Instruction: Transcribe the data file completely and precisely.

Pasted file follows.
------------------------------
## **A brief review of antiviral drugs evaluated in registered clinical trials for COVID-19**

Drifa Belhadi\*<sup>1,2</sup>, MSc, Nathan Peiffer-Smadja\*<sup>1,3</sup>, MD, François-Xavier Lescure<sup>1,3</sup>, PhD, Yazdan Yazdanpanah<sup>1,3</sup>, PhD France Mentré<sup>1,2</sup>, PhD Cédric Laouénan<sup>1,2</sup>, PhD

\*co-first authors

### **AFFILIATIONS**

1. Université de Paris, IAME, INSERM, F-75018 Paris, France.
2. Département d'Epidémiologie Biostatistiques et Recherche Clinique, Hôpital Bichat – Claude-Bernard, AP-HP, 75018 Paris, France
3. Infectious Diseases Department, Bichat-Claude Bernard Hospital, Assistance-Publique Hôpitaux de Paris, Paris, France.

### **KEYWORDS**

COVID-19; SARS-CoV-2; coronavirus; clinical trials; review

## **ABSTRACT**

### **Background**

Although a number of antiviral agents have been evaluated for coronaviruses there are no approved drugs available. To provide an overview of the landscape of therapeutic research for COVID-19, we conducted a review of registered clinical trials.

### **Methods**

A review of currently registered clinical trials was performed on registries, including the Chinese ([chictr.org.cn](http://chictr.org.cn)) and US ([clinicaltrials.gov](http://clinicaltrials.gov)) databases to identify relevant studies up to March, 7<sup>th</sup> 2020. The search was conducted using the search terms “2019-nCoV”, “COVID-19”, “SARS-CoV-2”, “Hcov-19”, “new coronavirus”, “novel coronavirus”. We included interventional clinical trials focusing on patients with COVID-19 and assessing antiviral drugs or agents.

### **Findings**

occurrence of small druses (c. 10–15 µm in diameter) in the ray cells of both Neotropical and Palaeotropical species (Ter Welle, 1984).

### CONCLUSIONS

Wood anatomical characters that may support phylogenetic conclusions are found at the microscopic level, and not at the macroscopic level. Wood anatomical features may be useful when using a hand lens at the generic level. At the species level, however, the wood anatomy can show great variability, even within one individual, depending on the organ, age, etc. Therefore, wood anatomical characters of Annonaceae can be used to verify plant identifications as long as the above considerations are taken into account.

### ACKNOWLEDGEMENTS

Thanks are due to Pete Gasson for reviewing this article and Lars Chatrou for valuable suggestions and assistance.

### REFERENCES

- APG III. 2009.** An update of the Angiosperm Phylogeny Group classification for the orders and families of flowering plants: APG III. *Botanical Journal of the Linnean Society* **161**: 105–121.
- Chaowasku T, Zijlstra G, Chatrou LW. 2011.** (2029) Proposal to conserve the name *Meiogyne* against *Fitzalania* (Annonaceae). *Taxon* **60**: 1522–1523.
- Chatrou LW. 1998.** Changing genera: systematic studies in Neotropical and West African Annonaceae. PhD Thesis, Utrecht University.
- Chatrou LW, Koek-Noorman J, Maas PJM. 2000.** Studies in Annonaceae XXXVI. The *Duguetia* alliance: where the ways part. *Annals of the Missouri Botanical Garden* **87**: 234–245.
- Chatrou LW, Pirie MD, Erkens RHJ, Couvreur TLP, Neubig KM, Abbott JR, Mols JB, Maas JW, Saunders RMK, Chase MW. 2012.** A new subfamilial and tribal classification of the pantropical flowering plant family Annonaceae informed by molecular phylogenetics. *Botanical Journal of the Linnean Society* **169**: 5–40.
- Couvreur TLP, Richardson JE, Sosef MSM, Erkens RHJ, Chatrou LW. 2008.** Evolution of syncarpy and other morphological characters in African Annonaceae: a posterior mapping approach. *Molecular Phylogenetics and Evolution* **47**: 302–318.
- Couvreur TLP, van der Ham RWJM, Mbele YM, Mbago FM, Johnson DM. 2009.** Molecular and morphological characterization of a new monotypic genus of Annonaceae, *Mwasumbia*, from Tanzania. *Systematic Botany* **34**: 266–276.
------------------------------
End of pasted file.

## **A brief review of antiviral drugs evaluated in registered clinical trials for COVID-19**

Drifa Belhadi\*<sup>1,2</sup>, MSc, Nathan Peiffer-Smadja\*<sup>1,3</sup>, MD, François-Xavier Lescure<sup>1,3</sup>, PhD, Yazdan Yazdanpanah<sup>1,3</sup>, PhD France Mentré<sup>1,2</sup>, PhD Cédric Laouénan<sup>1,2</sup>, PhD

\*co-first authors

### **AFFILIATIONS**

1. Université de Paris, IAME, INSERM, F-75018 Paris, France.
2. Département d'Epidémiologie Biostatistiques et Recherche Clinique, Hôpital Bichat – Claude-Bernard, AP-HP, 75018 Paris, France
3. Infectious Diseases Department, Bichat-Claude Bernard Hospital, Assistance-Publique Hôpitaux de Paris, Paris, France.

### **KEYWORDS**

COVID-19; SARS-CoV-2; coronavirus; clinical trials; review

## **ABSTRACT**

### **Background**

Although a number of antiviral agents have been evaluated for coronaviruses there are no approved drugs available. To provide an overview of the landscape of therapeutic research for COVID-19, we conducted a review of registered clinical trials.

### **Methods**

A review of currently registered clinical trials was performed on registries, including the Chinese ([chictr.org.cn](http://chictr.org.cn)) and US ([clinicaltrials.gov](http://clinicaltrials.gov)) databases to identify relevant studies up to March, 7<sup>th</sup> 2020. The search was conducted using the search terms “2019-nCoV”, “COVID-19”, “SARS-CoV-2”, “Hcov-19”, “new coronavirus”, “novel coronavirus”. We included interventional clinical trials focusing on patients with COVID-19 and assessing antiviral drugs or agents.

### **Findings**

occurrence of small druses (c. 10–15 µm in diameter) in the ray cells of both Neotropical and Palaeotropical species (Ter Welle, 1984).

### CONCLUSIONS

Wood anatomical characters that may support phylogenetic conclusions are found at the microscopic level, and not at the macroscopic level. Wood anatomical features may be useful when using a hand lens at the generic level. At the species level, however, the wood anatomy can show great variability, even within one individual, depending on the organ, age, etc. Therefore, wood anatomical characters of Annonaceae can be used to verify plant identifications as long as the above considerations are taken into account.

### ACKNOWLEDGEMENTS

Thanks are due to Pete Gasson for reviewing this article and Lars Chatrou for valuable suggestions and assistance.

### REFERENCES

- APG III. 2009.** An update of the Angiosperm Phylogeny Group classification for the orders and families of flowering plants: APG III. *Botanical Journal of the Linnean Society* **161**: 105–121.
- Chaowasku T, Zijlstra G, Chatrou LW. 2011.** (2029) Proposal to conserve the name *Meiogyne* against *Fitzalania* (Annonaceae). *Taxon* **60**: 1522–1523.
- Chatrou LW. 1998.** Changing genera: systematic studies in Neotropical and West African Annonaceae. PhD Thesis, Utrecht University.
- Chatrou LW, Koek-Noorman J, Maas PJM. 2000.** Studies in Annonaceae XXXVI. The *Duguetia* alliance: where the ways part. *Annals of the Missouri Botanical Garden* **87**: 234–245.
- Chatrou LW, Pirie MD, Erkens RHJ, Couvreur TLP, Neubig KM, Abbott JR, Mols JB, Maas JW, Saunders RMK, Chase MW. 2012.** A new subfamilial and tribal classification of the pantropical flowering plant family Annonaceae informed by molecular phylogenetics. *Botanical Journal of the Linnean Society* **169**: 5–40.
- Couvreur TLP, Richardson JE, Sosef MSM, Erkens RHJ, Chatrou LW. 2008.** Evolution of syncarpy and other morphological characters in African Annonaceae: a posterior mapping approach. *Molecular Phylogenetics and Evolution* **47**: 302–318.
- Couvreur TLP, van der Ham RWJM, Mbele YM, Mbago FM, Johnson DM. 2009.** Molecular and morphological characterization of a new monotypic genus of Annonaceae, *Mwasumbia*, from Tanzania. *Systematic Botany* **34**: 266–276.